multi split function taking delimiter list

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Nov 14, 2006, 2:56:40 PM11/14/06
Hi, I'm looking for something like:

multi_split( 'a:=b+c' , [':=','+'] )

['a', ':=', 'b', '+', 'c']

whats the python way to achieve this, preferably without regexp?



Raymond Hettinger

Nov 14, 2006, 3:16:09 PM11/14/06

I think regexps are likely the right way to do this kind of

The string split() method doesn't return the split value so that is
less than helpful for your application: 'a=b'.split() --> ['a',

The new str.partition() method will return the split value and is
suitable for successive applications: 'a:=b+c'.partition(':=') -->
('a', ':=', 'b+c')

FWIW, when someone actually does want something that behaves like
str.split() but with multiple split values, one approach is to replace
each of the possible splitters with a single splitter:

def multi_split(s, splitters):
first = splitters[0]
for splitter in splitters:
s = s.replace(splitter, first)
return s.split(first)

print multi_split( 'a:=b+c' , [':=','+'] )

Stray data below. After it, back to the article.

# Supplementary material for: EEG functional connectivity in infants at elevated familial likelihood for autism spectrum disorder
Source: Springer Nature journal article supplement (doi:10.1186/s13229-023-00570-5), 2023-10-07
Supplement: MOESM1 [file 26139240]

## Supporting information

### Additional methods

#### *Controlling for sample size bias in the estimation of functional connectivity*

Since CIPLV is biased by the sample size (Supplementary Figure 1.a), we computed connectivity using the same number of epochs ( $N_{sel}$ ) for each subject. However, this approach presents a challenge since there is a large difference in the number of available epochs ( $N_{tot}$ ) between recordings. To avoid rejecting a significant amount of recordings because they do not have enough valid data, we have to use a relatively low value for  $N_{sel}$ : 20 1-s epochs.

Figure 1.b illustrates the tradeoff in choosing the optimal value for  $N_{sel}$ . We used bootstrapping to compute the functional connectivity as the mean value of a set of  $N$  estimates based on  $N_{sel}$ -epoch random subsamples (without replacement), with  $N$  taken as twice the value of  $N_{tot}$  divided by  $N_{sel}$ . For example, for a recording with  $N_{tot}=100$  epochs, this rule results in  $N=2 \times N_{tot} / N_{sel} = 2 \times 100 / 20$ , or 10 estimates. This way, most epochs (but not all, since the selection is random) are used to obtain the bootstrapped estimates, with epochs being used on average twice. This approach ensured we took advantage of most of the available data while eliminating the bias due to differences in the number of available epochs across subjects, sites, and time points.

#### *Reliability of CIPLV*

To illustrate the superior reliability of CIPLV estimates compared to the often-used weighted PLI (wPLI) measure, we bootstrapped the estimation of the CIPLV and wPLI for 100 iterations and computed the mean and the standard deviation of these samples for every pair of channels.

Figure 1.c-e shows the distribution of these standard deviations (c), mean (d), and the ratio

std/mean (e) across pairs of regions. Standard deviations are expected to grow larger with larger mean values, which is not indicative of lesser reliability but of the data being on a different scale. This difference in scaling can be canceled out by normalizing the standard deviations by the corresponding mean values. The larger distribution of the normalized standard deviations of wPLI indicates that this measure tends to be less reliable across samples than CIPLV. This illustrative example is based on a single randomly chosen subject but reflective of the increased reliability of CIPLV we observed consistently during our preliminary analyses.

Peter Otten

Nov 14, 2006, 3:17:33 PM11/14/06
to wrote:

I think in this case the regexp approach is the simplest, though:

>>> def multi_split(text, splitters):
... return re.split("(%s)" % "|".join(re.escape(splitter) for splitter
in splitters), text)

>>> multi_split("a:=b+c", [":=", "+"])

['a', ':=', 'b', '+', 'c']


Kent Johnson

Nov 14, 2006, 3:19:18 PM11/14/06

What do you have against regexp? re.split() does exactly what you want:

In [1]: import re

In [2]: re.split(r'(:=|\+)', 'a:=b+c')
Out[2]: ['a', ':=', 'b', '+', 'c']



Nov 14, 2006, 4:57:58 PM11/14/06
to wrote:

I resisted my urge to use a regexp and came up with this:

>>> from itertools import groupby
>>> s = 'apple=blue+cart'
>>> [''.join(g) for k,g in groupby(s, lambda x: x in '=+')]
['apple', '=', 'blue', '+', 'cart']

For me, the regexp solution would have been clearer, but I need to
stretch my itertools skills.

- Paddy.

Sam Pointon

Nov 14, 2006, 6:41:12 PM11/14/06
On Nov 14, 7:56 pm, "" <>

pyparsing <> is quite a cool package
for doing this sort of thing. Using your example:

from pyparsing import *

splitat = Or(":=", "+")
lexeme = Word(alphas)
grammar = splitat | lexeme

#returns (the equivalent of) ['a', ':=', 'b', '+', 'c'].



Nov 15, 2006, 1:58:19 AM11/15/06

Paddy wrote:

No colon!
Forget the above please.

- Pad.


Nov 15, 2006, 9:20:27 AM11/15/06

Paddy wrote:

With colon:

>>> from itertools import groupby
>>> s = 'apple:=blue+cart'
>>> [''.join(g) for k,g in groupby(s,lambda x: x in ':=+')]

['apple', ':=', 'blue', '+', 'cart']

- Pad.

Frederic Rentsch

Nov 16, 2006, 4:43:00 AM11/16/06
Automatic grouping may or may not work as intended. If some subsets